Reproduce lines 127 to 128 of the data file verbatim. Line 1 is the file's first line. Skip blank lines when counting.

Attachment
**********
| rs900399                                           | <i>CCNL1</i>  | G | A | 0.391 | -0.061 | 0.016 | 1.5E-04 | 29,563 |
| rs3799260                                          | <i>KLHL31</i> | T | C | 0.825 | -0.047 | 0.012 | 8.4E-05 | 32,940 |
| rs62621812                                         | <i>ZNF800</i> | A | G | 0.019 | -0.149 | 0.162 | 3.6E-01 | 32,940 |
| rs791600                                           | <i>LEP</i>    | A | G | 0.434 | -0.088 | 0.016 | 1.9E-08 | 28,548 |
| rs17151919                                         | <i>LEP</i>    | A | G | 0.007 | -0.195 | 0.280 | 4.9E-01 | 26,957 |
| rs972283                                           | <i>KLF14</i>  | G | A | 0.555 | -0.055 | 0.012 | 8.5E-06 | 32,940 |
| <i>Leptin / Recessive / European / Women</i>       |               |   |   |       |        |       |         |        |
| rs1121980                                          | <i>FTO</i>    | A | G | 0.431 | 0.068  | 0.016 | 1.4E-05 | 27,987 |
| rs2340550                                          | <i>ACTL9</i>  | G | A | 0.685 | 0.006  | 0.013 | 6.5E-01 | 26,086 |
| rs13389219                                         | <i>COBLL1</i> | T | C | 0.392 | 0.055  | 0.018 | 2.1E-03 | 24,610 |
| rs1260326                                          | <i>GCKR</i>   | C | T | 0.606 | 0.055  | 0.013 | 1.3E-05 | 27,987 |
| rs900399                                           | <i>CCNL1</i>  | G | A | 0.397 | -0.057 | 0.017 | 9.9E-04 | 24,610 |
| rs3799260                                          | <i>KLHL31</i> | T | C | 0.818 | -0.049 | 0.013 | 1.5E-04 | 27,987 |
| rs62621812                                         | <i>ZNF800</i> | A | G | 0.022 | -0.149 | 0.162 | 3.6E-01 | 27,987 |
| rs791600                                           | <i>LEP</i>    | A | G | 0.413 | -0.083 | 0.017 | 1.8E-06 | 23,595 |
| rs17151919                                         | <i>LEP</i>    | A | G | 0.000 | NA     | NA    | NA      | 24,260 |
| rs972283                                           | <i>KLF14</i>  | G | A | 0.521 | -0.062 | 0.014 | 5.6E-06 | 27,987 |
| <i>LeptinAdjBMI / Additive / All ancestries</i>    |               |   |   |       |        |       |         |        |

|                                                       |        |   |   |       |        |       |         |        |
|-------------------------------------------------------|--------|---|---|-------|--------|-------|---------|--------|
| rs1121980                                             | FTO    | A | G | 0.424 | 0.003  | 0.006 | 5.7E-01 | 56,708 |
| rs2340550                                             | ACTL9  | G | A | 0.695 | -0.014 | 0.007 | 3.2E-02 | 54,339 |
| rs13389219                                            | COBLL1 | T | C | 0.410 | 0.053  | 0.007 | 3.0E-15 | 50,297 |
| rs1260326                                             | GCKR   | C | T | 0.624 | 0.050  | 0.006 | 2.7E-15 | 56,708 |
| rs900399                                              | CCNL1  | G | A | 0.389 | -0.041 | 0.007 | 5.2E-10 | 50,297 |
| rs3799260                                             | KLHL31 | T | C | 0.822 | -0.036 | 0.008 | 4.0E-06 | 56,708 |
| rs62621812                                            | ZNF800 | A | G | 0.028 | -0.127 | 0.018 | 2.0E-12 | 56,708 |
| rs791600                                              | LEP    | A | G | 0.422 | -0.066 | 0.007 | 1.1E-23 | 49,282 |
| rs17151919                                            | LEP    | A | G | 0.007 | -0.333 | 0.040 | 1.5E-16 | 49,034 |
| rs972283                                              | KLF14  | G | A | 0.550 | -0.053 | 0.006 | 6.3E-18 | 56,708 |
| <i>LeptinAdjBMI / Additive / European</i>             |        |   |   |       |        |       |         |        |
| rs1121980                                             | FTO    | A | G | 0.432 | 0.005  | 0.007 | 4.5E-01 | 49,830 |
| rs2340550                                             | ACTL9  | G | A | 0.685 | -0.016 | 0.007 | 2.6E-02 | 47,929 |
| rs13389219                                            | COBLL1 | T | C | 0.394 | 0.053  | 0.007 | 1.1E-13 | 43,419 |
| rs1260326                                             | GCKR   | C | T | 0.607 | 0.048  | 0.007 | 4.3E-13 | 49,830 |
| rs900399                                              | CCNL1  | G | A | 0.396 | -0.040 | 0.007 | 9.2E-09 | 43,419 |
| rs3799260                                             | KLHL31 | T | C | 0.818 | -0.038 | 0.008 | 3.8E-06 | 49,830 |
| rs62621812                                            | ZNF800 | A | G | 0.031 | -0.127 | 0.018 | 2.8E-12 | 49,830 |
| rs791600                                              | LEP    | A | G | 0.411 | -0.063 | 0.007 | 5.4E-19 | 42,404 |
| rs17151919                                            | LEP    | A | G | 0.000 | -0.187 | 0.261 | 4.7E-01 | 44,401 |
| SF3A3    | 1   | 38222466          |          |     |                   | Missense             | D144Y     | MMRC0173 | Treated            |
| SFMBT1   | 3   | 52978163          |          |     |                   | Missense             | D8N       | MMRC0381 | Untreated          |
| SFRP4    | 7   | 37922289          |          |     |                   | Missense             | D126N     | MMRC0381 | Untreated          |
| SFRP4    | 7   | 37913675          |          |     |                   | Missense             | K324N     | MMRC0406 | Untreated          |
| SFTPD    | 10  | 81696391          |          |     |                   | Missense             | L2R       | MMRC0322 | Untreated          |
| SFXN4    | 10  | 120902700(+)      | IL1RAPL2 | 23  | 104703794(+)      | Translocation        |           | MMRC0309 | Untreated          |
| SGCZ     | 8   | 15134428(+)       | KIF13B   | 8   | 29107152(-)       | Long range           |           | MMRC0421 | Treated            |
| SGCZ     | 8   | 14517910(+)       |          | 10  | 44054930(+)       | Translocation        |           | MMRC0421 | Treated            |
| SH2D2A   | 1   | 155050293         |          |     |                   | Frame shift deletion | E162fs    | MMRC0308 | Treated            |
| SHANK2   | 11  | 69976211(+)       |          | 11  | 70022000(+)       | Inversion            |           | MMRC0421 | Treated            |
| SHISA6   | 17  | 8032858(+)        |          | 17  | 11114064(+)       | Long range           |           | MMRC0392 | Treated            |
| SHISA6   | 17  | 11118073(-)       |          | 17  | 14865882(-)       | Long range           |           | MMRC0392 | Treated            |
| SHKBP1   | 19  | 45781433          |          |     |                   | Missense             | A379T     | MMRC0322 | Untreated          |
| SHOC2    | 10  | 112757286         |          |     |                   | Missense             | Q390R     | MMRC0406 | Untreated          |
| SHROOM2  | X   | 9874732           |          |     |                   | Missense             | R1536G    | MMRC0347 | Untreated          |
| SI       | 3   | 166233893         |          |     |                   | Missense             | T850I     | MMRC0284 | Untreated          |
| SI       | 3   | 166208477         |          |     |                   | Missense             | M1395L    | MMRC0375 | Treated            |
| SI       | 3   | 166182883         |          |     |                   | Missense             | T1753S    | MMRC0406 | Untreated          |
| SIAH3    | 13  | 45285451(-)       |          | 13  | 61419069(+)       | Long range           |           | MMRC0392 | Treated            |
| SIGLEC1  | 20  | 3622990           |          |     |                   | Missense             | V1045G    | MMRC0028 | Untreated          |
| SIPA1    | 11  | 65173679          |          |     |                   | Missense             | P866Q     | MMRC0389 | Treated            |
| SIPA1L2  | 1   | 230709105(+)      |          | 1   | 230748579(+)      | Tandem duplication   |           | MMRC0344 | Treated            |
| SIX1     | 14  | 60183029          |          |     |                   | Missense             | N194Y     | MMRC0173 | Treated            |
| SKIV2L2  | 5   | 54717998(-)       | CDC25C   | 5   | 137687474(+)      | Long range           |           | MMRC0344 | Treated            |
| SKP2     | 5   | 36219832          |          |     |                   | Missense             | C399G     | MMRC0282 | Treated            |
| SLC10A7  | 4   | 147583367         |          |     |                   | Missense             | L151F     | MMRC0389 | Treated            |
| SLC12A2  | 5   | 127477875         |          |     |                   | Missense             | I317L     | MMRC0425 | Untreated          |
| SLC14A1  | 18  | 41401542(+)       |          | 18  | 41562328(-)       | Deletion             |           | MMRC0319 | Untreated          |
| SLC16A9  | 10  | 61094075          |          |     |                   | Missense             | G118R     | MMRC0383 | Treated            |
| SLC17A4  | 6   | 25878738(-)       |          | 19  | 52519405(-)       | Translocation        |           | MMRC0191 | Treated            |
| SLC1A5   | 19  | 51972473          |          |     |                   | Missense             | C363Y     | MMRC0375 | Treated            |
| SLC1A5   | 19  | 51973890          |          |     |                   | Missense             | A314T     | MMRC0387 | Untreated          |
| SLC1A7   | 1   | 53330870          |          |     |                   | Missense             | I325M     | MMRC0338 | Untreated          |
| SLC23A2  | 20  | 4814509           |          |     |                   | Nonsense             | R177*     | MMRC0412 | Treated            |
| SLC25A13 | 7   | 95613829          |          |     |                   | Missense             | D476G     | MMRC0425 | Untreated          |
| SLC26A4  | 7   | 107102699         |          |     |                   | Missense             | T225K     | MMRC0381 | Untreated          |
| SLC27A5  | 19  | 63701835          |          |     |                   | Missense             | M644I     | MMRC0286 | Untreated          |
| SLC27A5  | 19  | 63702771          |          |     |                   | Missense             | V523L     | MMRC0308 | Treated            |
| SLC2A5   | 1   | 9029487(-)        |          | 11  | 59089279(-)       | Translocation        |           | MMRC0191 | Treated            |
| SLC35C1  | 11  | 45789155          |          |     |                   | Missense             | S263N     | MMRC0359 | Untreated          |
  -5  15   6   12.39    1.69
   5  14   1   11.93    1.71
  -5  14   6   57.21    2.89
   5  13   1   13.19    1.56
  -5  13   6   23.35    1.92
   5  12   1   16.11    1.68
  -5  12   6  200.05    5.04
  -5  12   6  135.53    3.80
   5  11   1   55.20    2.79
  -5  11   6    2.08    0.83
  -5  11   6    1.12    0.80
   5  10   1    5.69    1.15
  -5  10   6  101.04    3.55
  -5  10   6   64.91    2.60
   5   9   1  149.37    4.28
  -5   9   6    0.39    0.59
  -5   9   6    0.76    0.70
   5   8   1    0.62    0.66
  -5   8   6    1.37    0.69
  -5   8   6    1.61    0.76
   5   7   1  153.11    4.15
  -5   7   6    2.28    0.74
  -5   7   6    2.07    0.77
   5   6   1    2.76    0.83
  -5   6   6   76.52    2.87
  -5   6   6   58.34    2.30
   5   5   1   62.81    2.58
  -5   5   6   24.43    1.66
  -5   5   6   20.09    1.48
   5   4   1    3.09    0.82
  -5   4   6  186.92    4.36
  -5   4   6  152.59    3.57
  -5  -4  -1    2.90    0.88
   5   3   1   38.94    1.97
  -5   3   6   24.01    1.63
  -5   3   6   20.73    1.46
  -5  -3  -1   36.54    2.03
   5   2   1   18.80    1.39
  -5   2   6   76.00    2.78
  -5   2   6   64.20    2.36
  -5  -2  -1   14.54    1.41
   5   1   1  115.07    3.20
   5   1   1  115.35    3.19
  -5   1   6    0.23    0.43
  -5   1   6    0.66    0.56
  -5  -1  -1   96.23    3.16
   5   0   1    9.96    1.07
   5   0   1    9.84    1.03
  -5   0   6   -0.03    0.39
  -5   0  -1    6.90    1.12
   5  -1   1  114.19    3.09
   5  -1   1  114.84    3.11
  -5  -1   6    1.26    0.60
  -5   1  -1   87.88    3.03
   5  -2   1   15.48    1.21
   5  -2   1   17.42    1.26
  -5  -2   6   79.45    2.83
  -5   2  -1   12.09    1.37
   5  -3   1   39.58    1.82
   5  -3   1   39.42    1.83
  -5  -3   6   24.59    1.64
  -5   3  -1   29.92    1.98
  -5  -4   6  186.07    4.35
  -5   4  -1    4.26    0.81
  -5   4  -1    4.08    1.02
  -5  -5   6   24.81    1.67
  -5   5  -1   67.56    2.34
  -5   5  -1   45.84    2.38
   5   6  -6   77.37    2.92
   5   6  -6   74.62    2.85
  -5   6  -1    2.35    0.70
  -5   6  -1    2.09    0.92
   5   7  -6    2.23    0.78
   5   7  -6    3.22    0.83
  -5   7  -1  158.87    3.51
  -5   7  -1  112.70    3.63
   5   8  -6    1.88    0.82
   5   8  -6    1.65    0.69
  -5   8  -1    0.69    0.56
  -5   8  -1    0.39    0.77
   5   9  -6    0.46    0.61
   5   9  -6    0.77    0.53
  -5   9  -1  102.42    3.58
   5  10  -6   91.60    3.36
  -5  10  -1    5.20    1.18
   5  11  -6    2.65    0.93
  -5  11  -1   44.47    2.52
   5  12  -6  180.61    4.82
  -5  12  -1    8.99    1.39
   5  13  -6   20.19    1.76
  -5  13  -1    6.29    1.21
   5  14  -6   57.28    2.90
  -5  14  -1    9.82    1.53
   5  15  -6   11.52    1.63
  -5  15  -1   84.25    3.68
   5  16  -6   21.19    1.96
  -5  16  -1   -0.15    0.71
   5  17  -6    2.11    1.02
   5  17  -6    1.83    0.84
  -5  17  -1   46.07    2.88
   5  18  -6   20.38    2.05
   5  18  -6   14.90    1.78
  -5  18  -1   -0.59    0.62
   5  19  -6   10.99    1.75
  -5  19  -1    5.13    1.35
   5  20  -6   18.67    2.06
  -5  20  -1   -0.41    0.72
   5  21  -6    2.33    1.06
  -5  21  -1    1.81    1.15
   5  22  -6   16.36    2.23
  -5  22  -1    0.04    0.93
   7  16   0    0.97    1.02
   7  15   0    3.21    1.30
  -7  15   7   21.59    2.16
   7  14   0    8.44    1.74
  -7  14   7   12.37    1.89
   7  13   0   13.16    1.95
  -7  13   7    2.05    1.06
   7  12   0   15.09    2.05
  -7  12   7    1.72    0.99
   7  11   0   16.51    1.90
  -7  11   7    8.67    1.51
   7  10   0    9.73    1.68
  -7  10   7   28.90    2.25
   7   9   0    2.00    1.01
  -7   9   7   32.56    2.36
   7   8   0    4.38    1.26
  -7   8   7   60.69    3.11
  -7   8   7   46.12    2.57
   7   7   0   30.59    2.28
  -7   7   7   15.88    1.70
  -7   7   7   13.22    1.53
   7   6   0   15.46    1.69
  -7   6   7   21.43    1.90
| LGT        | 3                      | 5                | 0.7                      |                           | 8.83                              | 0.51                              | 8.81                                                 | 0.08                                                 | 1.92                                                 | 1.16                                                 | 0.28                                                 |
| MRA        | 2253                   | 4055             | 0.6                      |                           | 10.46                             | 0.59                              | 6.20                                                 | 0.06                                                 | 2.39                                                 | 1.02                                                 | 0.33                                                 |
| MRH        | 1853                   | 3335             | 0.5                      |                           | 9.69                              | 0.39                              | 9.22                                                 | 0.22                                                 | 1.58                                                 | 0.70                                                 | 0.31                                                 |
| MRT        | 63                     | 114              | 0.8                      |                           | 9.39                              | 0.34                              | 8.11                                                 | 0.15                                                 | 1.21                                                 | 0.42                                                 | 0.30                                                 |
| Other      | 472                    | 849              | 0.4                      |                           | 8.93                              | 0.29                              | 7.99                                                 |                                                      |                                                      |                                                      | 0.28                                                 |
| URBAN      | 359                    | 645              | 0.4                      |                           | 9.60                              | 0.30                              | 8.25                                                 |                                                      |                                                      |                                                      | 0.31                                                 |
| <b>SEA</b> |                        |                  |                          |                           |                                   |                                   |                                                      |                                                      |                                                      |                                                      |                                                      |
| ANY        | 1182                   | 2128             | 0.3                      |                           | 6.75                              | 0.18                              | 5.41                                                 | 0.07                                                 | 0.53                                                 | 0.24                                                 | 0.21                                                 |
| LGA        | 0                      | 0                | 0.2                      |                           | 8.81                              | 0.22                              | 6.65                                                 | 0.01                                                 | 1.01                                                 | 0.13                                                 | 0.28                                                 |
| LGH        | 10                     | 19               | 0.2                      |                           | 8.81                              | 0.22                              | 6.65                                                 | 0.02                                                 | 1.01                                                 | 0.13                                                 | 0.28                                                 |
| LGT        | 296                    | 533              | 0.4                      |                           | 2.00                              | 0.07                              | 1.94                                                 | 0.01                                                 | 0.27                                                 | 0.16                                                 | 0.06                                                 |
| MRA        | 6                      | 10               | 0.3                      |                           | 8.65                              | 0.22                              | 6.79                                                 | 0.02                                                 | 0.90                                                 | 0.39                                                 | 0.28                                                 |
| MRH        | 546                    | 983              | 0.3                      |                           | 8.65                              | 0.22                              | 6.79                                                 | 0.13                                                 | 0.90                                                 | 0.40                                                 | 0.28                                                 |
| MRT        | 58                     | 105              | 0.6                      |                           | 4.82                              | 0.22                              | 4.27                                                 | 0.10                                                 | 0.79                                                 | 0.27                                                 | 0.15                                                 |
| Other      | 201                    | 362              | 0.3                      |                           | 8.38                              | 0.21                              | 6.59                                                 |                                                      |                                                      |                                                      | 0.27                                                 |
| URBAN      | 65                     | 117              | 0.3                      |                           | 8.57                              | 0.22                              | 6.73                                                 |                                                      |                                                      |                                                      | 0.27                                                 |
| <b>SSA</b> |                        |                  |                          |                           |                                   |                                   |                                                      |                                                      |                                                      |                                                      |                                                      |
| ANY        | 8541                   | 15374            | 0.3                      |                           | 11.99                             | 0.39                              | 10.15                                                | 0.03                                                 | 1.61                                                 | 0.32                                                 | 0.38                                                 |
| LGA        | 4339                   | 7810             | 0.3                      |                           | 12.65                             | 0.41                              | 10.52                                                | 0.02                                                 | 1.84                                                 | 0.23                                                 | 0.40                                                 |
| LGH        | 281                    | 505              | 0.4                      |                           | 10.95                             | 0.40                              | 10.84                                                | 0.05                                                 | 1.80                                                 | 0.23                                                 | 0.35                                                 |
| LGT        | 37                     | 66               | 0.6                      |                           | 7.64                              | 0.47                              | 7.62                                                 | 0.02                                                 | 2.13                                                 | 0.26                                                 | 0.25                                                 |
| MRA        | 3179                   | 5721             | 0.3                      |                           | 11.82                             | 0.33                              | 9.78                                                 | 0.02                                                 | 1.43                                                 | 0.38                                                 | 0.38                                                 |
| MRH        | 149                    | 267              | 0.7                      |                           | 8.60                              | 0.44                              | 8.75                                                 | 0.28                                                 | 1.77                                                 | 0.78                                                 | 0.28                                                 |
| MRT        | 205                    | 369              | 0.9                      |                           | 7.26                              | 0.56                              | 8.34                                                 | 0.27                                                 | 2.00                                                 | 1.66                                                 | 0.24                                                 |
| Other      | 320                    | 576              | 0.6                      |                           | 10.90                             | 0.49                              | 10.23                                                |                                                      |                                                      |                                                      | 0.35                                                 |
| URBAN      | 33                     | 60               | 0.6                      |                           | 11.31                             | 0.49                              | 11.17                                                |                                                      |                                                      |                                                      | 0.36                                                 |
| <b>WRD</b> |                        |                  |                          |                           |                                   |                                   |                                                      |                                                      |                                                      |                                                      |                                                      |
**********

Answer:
   5   0   1    9.96    1.07
   5   0   1    9.84    1.03